Chatter amongst the web design community is getting louder now with the recent release of Internet Explorer 7 beta 2. With much improved CSS support, there's been concerns that CSS hacks used to 'fix' IE 5/6 are no longer necessary, but might still be picked up by IE 7 and thus rendering the page incorrectly. The IE 7 developers have even made it a point to warn web developers about this and NOT to use IE-specific hacks relying on flawed CSS selector parsing. Instead, they are recommending using another IE proprietary feature, Conditional Comments, to import style sheets specific for earlier versions of IE should they be necessary.With dread in my heart, I downloaded Internet Explorer 7 Beta 2 and followed the instructions on how to install a standalone version so not to wipe out IE 6 which I'd still need to use for testing. I'd feared that the sites I've built would be completely broken, as some of them require IE hacks to fix glaring problems with its implementation of CSS. Thankfully, this is not the case, so far. I opened up Fritz Gelato (which has CSS-based drop-down menus), Massage Works and my own site here, and all seems well. (phew!) This is one reason why people should be embracing web standards - it ensures forwards and backwards compatibility, as browsers are progressively improved and follow the specifications closely (as they should). I will still need to continue checking the other sites and 'unfix' them for IE 7 as necessary. On one hand I'm glad that IE is finally cleaning up its act, but still, I worry that not everybody will upgrade when it is released. Just like how we still need to test for IE 5/5.5 for people still running Windows 98, I suspect IE 6 with all its flaws and bugs will be around for a while yet.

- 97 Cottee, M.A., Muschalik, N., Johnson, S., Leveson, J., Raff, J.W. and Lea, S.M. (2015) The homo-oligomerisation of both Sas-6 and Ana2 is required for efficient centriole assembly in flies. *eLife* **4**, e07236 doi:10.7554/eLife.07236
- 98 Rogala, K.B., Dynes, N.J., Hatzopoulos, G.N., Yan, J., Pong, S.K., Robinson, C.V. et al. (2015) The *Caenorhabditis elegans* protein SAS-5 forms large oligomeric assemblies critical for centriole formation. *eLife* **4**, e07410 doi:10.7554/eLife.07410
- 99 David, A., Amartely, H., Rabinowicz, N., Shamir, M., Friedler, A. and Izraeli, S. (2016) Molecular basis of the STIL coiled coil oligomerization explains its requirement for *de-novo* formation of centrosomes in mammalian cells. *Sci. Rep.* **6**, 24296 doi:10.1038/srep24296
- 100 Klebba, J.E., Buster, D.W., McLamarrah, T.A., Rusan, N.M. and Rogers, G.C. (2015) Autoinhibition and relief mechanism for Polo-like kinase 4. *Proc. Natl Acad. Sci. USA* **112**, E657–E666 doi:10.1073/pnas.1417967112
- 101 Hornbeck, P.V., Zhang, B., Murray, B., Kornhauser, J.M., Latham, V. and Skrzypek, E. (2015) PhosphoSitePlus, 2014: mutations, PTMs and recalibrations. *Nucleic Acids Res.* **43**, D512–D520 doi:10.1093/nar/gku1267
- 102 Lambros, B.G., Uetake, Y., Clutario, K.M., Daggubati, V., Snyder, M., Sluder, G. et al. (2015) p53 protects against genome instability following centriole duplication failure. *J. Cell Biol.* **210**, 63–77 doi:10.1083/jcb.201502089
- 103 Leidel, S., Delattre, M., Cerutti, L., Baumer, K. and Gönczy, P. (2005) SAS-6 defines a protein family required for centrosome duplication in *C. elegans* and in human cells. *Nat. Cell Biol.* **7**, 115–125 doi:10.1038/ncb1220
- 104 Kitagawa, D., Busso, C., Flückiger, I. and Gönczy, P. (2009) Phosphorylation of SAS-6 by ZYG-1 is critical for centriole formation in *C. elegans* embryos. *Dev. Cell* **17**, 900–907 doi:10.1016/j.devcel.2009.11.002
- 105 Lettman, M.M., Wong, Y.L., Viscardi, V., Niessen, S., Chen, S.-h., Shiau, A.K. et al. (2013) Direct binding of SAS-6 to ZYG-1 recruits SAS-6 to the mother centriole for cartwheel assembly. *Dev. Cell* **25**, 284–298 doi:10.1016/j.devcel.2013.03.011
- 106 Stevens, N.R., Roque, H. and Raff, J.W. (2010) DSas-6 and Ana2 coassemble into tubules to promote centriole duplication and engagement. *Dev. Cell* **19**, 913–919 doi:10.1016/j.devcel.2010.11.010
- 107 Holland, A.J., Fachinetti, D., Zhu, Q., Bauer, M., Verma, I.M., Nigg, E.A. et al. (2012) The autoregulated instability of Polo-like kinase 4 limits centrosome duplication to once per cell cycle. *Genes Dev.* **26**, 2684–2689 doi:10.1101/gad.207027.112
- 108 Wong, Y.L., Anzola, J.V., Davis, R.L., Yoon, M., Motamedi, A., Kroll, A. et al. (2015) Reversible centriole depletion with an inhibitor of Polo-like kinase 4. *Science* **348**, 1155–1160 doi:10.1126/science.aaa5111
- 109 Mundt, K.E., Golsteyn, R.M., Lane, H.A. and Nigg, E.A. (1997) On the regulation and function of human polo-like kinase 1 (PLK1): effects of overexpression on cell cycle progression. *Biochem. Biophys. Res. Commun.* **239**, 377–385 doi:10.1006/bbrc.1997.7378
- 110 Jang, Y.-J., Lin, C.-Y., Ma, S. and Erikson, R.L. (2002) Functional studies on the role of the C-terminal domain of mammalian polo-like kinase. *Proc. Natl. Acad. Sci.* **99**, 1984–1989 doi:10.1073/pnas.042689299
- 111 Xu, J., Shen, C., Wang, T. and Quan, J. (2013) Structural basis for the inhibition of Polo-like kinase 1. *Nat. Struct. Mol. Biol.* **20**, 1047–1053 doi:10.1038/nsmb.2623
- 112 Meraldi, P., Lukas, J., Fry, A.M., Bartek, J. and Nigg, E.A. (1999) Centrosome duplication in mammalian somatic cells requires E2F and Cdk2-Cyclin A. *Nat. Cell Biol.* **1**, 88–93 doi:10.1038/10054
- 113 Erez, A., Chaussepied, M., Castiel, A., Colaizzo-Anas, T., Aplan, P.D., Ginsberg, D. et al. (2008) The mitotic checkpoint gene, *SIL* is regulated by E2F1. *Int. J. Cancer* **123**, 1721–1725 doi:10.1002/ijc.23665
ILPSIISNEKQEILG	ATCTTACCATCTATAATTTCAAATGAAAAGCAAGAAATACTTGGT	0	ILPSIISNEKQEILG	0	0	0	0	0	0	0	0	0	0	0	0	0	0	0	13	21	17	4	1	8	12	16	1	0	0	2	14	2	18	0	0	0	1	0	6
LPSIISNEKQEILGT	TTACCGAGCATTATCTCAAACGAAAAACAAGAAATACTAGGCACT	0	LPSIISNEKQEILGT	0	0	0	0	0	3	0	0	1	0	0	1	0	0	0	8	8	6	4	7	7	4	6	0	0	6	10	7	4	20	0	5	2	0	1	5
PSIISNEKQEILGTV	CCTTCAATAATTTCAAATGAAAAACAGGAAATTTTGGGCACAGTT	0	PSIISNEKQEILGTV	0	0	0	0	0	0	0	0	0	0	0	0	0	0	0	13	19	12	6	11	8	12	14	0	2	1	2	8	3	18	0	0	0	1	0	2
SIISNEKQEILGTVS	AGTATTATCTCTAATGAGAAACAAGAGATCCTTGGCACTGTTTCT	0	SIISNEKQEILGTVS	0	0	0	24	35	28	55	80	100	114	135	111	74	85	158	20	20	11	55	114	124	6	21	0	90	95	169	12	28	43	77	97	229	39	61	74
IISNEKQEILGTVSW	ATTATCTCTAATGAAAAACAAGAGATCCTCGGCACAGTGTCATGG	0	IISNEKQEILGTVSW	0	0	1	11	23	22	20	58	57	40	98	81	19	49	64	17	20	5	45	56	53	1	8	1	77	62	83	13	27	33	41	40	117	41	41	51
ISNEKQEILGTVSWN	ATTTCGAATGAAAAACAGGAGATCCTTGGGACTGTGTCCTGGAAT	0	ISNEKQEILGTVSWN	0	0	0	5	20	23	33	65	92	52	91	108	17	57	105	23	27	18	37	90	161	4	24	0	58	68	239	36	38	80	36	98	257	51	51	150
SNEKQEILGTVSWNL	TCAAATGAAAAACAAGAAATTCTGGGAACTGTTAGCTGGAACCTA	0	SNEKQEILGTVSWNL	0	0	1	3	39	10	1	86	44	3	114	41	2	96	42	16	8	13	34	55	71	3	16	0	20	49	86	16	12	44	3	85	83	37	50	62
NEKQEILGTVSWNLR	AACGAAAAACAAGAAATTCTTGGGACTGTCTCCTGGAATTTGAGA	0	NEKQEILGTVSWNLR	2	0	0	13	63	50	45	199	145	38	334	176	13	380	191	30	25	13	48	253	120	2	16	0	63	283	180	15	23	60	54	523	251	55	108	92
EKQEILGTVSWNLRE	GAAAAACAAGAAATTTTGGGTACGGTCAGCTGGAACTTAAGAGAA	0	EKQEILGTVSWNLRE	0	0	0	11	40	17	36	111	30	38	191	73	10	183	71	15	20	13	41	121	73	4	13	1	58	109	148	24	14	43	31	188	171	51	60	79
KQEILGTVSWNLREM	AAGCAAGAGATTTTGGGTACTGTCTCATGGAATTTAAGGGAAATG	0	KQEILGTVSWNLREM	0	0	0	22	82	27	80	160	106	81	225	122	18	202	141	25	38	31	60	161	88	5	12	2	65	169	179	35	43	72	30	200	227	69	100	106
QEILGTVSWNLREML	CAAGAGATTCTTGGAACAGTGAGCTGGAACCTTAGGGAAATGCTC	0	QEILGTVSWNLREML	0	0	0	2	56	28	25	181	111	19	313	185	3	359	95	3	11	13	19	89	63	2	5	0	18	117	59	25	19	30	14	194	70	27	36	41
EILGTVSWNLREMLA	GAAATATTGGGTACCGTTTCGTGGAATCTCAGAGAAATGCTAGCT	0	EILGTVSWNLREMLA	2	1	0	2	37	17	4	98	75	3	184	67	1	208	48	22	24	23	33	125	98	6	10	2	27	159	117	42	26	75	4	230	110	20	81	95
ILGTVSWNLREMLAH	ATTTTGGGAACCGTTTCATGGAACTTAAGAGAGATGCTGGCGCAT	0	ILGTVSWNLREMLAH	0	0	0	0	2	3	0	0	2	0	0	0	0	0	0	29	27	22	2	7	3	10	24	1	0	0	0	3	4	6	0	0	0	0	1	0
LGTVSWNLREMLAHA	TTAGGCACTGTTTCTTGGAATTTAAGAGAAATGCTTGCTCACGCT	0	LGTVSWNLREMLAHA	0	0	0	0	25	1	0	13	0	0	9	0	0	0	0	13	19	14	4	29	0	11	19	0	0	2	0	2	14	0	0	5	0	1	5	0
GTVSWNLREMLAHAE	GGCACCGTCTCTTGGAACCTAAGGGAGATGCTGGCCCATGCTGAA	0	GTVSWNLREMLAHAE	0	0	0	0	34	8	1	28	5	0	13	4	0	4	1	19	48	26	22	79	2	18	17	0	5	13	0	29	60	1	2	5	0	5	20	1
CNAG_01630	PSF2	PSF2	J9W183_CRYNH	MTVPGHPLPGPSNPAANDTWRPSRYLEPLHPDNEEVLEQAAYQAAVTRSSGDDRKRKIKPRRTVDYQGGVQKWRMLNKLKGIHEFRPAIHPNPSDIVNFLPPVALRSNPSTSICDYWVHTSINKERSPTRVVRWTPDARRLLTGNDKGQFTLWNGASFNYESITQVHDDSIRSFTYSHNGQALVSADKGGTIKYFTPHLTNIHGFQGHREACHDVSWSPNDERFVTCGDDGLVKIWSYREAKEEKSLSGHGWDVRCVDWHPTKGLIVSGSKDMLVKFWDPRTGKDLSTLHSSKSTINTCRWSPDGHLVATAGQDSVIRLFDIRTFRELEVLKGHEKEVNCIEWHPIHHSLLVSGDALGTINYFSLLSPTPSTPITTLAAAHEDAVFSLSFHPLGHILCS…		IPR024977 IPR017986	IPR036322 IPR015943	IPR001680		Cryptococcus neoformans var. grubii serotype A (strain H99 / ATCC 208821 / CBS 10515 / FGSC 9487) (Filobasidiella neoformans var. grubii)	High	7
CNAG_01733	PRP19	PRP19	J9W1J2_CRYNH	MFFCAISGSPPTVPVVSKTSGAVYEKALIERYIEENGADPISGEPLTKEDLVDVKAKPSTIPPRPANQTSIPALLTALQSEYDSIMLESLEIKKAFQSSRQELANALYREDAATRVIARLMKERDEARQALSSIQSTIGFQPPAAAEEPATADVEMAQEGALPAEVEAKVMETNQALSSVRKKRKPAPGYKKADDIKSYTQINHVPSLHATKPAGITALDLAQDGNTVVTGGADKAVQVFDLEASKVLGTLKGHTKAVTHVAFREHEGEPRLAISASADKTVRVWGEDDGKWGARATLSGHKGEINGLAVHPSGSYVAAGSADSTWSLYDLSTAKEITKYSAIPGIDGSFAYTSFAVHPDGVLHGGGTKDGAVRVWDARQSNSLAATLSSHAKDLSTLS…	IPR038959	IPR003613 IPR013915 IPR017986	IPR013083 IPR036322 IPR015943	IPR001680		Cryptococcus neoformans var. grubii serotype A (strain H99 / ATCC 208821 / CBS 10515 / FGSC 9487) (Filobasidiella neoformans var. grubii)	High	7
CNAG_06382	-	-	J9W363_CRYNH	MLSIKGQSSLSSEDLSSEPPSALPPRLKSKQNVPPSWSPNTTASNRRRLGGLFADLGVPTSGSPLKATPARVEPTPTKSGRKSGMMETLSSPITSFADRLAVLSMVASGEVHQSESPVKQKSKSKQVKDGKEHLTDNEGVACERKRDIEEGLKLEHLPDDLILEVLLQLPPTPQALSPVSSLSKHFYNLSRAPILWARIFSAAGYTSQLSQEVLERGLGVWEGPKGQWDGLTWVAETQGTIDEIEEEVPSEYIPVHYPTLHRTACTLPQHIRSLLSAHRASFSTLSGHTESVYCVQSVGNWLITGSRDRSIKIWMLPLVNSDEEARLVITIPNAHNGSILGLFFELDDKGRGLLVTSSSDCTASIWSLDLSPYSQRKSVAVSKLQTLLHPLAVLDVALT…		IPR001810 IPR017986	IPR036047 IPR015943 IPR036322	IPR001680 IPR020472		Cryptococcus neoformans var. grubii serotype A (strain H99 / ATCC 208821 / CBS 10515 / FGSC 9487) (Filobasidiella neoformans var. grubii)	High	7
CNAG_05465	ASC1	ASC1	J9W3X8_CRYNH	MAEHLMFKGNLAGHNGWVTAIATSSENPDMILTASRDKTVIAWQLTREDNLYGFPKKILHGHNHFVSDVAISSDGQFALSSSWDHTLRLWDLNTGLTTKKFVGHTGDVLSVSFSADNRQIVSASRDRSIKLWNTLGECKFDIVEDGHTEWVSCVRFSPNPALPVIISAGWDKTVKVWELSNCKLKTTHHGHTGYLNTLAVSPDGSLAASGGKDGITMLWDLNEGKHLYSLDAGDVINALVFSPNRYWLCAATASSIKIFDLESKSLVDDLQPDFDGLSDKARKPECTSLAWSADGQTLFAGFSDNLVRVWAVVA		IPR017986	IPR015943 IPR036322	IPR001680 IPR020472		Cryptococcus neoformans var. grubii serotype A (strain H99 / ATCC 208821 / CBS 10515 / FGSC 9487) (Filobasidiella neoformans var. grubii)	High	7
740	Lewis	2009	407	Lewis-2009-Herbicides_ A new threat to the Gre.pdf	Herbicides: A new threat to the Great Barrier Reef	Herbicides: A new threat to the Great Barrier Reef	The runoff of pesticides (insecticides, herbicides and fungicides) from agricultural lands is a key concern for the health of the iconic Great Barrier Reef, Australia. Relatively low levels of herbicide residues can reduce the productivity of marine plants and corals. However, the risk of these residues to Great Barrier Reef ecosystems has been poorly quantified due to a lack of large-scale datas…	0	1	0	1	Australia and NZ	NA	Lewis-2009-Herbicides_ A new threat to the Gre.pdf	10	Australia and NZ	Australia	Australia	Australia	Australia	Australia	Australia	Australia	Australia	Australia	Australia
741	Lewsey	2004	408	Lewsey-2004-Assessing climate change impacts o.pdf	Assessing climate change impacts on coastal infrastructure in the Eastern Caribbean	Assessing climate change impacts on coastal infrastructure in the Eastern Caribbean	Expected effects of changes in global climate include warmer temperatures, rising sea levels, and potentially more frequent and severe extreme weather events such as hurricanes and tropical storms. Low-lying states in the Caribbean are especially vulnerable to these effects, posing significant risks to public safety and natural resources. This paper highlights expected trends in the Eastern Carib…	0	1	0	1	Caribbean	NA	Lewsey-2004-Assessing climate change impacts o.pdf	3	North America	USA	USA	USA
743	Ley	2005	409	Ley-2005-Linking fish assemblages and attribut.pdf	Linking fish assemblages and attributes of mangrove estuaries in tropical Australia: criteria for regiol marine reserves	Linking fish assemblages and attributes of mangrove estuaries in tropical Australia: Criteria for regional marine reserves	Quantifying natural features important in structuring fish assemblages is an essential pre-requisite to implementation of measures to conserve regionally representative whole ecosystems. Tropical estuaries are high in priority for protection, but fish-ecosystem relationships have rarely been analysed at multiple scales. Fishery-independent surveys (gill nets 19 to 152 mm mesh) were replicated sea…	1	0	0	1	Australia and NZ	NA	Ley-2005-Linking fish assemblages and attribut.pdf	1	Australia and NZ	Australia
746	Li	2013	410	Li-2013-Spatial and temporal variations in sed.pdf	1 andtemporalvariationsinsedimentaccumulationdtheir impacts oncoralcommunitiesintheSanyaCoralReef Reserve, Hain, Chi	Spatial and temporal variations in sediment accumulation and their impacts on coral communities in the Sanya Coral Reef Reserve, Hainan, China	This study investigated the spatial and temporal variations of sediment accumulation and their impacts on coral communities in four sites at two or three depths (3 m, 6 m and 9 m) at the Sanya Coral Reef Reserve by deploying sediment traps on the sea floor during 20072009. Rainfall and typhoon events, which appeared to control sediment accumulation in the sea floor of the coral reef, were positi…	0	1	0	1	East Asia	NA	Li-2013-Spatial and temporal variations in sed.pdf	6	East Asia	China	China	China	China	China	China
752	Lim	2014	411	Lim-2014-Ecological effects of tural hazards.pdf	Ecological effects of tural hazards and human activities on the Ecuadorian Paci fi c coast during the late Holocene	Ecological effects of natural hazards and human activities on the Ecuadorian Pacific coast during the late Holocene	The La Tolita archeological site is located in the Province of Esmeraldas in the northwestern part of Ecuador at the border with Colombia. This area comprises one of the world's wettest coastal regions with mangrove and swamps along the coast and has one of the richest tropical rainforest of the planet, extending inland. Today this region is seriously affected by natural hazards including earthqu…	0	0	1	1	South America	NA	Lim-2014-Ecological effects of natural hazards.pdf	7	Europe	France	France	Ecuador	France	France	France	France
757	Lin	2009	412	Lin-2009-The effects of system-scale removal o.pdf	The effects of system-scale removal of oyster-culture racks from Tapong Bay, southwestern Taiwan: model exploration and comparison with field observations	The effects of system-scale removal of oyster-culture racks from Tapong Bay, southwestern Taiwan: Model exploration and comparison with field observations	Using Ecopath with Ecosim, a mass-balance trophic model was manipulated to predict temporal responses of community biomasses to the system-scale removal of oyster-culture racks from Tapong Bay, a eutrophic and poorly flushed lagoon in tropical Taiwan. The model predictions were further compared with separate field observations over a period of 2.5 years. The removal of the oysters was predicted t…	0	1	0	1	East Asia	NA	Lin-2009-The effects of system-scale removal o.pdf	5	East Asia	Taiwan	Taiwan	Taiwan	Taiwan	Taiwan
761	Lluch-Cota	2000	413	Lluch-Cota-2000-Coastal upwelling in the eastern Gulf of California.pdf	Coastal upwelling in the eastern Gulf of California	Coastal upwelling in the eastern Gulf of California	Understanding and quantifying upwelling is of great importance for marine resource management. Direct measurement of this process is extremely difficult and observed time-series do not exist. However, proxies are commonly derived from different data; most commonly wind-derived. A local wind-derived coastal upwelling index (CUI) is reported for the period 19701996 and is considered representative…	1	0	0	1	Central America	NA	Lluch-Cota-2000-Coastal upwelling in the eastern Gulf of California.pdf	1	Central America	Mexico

A while ago I posted a link to a page with a list of websites with minimalist design. However, many pf the sites on that page are now defunct or have redesigned and are not quite as minimal as they used to be. In any case, here my own list of current favourite sites: * 37signals * Jason Kottke * skinnyCorp * Getty Images * Daring Fireball * BlueRobot * Happy Cog Studios * Fifteen Foundation * Maniacal Rage * Huddle Together * Subtraction * camworld * Airbag * Andy Budd Blogography * Mark Boulton * Shaun Inman * Justin Blanton * Modulo26 * Witold Riedel * Karmakars * Jeremy Boles * Improv, Pastence * Mark Bixby * Jake Nickell * Extra Tasty! * Chris DiClerico * Zilch This post will be continually updated so check back for updates. Feel free to make any suggestions in the comments.
I've been reading reviews and kudos about 37signals' book, Getting Real, and so I bought and downloaded the PDF book yesterday.After spending a good half hour wrestling with my laser printer trying to figure out how to feed the paper properly to print in duplex as it doesn't have an automatic duplexing unit, I got the whole 171-page book printed out. Much as I am used to reading on-screen, a book of that size would be a bit much to handle. From what I've heard, although the book refers to 37signals' own processes in developing web-based applications, a lot of the principles and techniques are applicable to other design jobs, and even in a non-design, corporate environment. I've been a fan of their work ever since I found their site and read their manifesto. I'll let you know my take on the book when I'm done with it.
Andy Budd has nailed it on the head in his post, 10 Bad Project Warning Signs .I've seen a few of those in my time (and in my naivety, took up the projects still). The best line to say to the clients still is "Price, Speed, Quality. Pick any two" which is also mentioned in the comments somewhere. Update: Another somewhat related article has caught my attention, titled "11 Clients You Need To Fire Right Now"